Many years later and he doesn't look like he aged poorly.

    Also knocks Shad's boobplate theory.

    Reply
  • DommHavai

    I believe it makes sense to actually bolt it down to be more representative. Your contraption probably weighs much less than an actual armoured person. Also, in a combat situation you are very likely to get hit as you moving forward (e.g. you expose yourself while trying to land a blow or ride towards enemy archers).

    Reply
  • Integrity ai

    I just love to watch and listen to experts, more so when they´re as enthusiastic about their field as Kevin Legg and Dr. Tobias Capwell. This kind of Video and Information output needs to happen far more often, meaning the dialogue between professionals, experts and enthusiasts.

    Reply
  • John Freeman

    I have a question about their medical knowledge back then: Did they associate blunt damage to rhabdomyolysis (or maybe a simplified "blunt damage causes other bad things to happen elsewhere")? And, did they include that in their armor/weapon design?

    Rhabdomyolysis is basically all the bad stuff that happens when lots of muscle tissue gets damaged. It, among other things, causes brownish urine because it messes with your kidneys (https://youtu.be/TMy0vJfKvzI is where I saw it, towards the end)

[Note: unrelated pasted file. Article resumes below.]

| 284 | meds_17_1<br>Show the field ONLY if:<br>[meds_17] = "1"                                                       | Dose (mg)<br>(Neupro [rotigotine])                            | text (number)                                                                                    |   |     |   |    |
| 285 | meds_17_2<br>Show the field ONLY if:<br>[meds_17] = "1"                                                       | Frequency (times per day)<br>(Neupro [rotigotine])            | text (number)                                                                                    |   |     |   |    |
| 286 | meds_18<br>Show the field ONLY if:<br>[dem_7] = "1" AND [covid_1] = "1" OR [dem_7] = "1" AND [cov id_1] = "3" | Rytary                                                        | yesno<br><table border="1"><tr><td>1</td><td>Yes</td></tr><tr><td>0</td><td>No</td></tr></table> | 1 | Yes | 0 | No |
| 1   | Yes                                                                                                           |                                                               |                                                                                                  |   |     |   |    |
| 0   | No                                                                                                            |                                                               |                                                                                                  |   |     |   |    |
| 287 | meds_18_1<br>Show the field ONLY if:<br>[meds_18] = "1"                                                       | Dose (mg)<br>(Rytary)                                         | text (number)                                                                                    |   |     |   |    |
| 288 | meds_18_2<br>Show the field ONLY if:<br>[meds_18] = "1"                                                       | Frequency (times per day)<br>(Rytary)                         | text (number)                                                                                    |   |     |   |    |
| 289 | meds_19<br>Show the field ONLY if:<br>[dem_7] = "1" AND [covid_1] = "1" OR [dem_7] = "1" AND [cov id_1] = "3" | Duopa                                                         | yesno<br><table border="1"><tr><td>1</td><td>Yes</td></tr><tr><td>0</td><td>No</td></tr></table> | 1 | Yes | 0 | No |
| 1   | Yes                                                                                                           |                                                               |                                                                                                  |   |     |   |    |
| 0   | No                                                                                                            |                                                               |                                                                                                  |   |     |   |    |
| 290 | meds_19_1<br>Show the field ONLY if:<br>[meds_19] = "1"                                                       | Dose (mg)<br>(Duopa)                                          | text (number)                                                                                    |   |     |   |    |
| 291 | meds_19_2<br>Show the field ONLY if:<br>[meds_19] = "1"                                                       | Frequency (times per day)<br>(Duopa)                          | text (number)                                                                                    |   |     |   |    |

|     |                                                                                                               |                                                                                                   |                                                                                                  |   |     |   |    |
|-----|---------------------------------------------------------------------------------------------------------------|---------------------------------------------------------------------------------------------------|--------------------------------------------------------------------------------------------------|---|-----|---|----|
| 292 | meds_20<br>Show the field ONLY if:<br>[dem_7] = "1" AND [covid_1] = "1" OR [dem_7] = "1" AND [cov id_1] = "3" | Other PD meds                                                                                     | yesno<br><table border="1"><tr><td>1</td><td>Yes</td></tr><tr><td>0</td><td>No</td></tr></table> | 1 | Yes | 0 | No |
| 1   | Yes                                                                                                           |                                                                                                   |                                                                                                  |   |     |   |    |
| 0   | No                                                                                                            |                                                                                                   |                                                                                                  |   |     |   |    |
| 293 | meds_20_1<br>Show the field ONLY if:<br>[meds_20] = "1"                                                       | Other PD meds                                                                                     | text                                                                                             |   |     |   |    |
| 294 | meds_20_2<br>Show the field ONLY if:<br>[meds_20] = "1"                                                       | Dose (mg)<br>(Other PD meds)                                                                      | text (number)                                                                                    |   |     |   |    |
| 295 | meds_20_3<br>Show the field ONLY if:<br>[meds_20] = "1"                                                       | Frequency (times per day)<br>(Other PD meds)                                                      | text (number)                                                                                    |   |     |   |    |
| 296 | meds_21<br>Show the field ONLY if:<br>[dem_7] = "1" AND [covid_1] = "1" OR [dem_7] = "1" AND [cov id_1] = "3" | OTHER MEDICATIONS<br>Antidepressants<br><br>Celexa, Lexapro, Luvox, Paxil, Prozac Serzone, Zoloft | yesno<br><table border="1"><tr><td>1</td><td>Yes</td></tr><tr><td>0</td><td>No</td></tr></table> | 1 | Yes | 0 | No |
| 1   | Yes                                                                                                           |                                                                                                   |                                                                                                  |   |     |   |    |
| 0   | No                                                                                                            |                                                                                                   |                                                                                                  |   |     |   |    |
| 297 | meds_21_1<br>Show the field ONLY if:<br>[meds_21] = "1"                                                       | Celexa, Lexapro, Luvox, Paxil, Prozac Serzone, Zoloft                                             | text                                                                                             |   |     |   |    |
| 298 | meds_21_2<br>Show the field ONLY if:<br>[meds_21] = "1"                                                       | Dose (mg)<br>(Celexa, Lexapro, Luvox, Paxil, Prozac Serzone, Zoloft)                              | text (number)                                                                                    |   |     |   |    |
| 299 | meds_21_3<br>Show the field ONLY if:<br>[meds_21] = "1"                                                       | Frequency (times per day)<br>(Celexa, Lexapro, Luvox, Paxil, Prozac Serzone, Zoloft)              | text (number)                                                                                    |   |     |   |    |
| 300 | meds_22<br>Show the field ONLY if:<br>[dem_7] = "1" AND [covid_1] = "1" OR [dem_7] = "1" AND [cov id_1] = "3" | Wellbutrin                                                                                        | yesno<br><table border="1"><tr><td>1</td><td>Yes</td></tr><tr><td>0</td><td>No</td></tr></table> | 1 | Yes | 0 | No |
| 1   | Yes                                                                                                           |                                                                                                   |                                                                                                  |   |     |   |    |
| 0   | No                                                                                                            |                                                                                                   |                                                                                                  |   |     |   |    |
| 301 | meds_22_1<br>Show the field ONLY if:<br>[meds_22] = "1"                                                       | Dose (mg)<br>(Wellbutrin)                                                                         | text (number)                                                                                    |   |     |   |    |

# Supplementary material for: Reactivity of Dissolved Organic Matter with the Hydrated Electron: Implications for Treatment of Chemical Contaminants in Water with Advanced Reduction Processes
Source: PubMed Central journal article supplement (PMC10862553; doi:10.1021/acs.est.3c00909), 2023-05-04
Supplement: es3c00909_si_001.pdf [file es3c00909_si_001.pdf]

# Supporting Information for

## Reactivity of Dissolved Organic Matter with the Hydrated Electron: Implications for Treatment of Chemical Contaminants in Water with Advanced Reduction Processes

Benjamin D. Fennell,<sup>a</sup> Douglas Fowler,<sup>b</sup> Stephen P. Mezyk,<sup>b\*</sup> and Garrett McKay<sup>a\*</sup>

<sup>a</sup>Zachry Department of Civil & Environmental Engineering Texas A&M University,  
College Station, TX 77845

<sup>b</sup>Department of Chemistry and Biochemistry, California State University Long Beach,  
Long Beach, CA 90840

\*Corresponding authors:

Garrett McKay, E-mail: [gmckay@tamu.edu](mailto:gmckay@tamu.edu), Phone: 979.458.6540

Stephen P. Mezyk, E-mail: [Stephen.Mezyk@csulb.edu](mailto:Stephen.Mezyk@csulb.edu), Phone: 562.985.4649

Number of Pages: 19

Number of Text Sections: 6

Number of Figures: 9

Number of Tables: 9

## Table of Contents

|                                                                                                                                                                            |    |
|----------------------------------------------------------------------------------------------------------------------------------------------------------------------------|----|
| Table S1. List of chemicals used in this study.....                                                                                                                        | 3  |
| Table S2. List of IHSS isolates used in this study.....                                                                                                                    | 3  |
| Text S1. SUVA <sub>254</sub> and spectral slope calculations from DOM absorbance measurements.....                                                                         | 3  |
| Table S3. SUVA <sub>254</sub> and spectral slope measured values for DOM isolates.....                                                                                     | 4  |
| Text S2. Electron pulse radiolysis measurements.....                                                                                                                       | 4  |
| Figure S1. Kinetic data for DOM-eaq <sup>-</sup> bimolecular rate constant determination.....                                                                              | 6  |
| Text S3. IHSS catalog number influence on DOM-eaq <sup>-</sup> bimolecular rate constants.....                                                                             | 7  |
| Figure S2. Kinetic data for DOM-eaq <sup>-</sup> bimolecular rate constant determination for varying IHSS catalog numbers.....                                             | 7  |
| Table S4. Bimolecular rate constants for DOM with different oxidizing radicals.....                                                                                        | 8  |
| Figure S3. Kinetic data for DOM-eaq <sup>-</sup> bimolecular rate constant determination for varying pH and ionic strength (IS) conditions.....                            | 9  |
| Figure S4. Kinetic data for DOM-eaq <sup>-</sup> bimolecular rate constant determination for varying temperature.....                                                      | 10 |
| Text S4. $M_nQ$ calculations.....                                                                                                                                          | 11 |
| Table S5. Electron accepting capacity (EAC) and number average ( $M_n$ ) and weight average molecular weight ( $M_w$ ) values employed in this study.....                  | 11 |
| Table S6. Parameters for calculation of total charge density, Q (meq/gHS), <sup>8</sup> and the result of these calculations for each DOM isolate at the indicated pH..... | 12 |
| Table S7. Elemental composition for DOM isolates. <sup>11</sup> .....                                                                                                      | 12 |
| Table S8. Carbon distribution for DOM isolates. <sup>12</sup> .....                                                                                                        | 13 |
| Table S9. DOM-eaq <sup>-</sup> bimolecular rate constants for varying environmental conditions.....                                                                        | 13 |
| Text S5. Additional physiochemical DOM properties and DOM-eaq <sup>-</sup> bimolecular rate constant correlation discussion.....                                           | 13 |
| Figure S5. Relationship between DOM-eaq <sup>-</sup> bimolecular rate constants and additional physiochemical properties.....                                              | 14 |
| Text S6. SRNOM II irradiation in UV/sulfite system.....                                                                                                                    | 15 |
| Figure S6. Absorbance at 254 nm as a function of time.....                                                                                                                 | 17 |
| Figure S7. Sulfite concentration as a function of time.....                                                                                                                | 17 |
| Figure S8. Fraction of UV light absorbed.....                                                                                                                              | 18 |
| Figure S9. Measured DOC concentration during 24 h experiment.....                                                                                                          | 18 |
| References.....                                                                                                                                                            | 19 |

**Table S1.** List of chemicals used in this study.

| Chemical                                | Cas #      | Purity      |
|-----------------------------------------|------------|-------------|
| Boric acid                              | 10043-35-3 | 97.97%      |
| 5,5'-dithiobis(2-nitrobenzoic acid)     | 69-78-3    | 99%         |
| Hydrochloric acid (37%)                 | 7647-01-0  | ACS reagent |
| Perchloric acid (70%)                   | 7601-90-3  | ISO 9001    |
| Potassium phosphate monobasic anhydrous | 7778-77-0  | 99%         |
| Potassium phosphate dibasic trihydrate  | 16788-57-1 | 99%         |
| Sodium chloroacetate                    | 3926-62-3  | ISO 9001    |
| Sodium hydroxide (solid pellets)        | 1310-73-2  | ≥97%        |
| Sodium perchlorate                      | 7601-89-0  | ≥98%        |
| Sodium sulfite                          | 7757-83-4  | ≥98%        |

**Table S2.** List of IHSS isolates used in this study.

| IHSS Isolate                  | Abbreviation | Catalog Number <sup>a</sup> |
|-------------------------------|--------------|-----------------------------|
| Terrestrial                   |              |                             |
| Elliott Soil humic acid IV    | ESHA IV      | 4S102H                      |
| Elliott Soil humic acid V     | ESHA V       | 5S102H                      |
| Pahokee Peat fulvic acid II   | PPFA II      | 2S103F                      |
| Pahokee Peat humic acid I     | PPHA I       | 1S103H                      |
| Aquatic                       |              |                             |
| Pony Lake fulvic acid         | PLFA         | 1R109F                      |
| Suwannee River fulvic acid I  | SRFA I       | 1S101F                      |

Rarely, working out at the gym can cause it. In WWII, they called it "crush syndrome," after the effects of having something like a bombed building fall on top of you.

    I guess the Arming Doublet does this? It seems like the impact resistance it offers would prevent muscle bruising.

    I wonder if they knew like "ok we can't cut through this big armor boy with our swords, but if we blunt him he'll have crush syndrome so let's get hammering" or was it like "THE SWORDS DO NOTHING, QUICK START HAMMERING I GUESS I DUNNO!"

    Reply
  • Gallowaysiege

    I really like this series and the more in depth nature of it. Good job all around.

    Reply
  • Anders Benke

    A question for the armourer: